September 30, 2009 By Paul W. Taylor
October is report card month. States must begin explaining how they used stimulus funds this month and every quarter thereafter until the money is gone. As the reports roll up, there's promise that the bickering over the effectiveness of the first portion of the American Recovery and Reinvestment Act will move from anecdote to data. Speaking of data, this inaugural, reporting period albeit delayed, will be a very public test of the federal government's much touted technology of transparency.
All the analysis and commentary about the stimulus won't likely get better than the conclusion reached early on by legendary investor Warren Buffett: "Our first stimulus bill was sort of like taking half a tablet of Viagra and having also a bunch of candy mixed in." Then and now, there are plenty of arguments for and against more stimulus. None of them really matter when seen through the prism of the state and local governments that are downstream from the federal funding spigot. Stimulus is to the Obama administration what homeland security was to the George W. Bush administration -- an expression of their respective priorities and the channels through which those priorities are funded.
The conundrum: As the economy remains retrenched, there have been calls for another stimulus package -- even though there are few visible signs that the last injection of funds has had an effect.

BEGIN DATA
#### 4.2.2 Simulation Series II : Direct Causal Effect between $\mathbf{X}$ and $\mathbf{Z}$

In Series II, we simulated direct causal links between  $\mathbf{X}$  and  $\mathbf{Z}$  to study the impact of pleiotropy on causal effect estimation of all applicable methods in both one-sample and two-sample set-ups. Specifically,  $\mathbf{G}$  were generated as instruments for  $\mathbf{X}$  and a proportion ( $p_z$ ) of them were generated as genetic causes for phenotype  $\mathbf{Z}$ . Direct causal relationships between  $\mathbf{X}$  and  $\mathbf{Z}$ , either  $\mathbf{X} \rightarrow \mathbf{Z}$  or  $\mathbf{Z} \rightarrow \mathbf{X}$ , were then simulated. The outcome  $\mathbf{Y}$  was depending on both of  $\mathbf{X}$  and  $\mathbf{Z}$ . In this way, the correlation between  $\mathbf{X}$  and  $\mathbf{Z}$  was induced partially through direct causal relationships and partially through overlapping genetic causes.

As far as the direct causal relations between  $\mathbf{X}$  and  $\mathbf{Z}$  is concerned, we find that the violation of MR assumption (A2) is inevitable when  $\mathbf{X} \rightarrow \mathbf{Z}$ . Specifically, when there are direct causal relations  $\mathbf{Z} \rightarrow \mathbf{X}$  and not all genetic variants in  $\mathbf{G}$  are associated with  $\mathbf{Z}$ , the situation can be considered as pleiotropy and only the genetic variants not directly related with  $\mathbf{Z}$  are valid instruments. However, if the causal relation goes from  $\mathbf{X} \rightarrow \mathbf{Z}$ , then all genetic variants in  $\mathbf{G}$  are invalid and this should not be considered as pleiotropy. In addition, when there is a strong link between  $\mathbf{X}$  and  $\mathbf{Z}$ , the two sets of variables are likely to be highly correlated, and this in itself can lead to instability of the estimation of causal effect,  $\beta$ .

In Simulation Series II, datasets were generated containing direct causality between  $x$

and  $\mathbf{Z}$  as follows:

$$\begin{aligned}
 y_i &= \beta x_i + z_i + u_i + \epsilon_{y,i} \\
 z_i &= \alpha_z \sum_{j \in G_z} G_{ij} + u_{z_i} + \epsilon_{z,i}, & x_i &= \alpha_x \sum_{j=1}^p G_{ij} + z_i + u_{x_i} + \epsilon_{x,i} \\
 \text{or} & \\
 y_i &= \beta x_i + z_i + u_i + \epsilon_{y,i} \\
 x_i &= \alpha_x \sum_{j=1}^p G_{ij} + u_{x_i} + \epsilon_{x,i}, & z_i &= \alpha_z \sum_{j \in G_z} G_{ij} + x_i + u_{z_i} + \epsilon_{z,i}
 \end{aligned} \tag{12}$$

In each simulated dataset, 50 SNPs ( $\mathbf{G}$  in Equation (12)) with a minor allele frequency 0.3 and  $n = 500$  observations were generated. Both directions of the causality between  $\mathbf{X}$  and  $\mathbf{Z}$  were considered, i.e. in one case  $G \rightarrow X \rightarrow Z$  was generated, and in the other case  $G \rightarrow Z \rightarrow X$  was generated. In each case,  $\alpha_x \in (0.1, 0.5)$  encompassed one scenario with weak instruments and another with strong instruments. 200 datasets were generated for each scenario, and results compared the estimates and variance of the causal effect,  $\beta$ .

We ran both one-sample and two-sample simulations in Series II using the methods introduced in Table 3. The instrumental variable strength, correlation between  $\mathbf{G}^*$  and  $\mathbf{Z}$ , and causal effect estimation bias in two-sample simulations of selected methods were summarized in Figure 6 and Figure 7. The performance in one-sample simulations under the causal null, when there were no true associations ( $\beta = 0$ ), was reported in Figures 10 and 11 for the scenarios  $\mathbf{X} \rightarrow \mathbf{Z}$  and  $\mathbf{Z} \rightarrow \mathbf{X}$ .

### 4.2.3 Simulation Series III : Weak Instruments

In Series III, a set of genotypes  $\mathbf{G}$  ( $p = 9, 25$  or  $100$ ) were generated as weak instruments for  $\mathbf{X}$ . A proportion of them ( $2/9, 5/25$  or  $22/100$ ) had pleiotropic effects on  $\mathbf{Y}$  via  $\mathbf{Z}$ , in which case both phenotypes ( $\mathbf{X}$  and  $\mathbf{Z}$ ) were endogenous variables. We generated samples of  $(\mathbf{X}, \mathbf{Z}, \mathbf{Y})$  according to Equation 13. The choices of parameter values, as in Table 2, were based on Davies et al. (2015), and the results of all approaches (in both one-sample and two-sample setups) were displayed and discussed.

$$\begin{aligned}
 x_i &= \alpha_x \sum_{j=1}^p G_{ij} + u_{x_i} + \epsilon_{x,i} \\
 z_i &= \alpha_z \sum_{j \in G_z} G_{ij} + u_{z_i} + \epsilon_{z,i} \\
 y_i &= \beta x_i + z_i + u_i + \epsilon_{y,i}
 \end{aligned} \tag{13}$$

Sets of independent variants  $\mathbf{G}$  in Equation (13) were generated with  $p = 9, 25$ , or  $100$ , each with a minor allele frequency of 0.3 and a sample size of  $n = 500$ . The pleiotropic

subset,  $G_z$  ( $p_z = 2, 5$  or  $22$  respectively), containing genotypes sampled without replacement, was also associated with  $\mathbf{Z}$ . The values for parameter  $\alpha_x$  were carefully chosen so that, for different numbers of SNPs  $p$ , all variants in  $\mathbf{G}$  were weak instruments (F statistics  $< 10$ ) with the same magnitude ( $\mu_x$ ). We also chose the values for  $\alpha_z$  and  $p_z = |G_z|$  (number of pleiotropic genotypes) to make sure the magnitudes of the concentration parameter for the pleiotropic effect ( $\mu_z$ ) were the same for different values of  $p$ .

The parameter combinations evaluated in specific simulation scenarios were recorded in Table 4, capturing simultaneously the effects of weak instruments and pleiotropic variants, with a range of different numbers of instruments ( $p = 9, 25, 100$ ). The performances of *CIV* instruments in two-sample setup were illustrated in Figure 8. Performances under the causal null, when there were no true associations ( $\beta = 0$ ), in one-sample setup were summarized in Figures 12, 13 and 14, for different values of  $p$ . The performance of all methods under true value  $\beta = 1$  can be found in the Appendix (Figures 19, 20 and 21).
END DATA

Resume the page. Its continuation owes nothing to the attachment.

Conservative economists contend that, by definition, government cannot stimulate the economy. Liberal economists counter that government is the spender of last resort during a recession, and fault the $787 billion stimulus for being too small. "The difficulty here that it is not quite big enough and not quite soon enough," concluded James Galbraith, an economist at the University of Texas. For his part, New York Times op-ed columnist Paul Krugman cautioned, "Faced with a sharp drop in revenue, most states are preparing savage budget cuts, many of them at the expense of the most vulnerable. Aside from directly creating a great deal of misery, these cuts will depress the economy even further."
After months on the new money chase, it's worth remembering that funding is always a means to an end, not an end in itself. "The top goal, of course, is about good public policy -- to deliver the services that the public needs in the most effective manner possible," said John Miri, senior fellow with the Center for Digital Government.
You may use or reference this story with attribution and a link to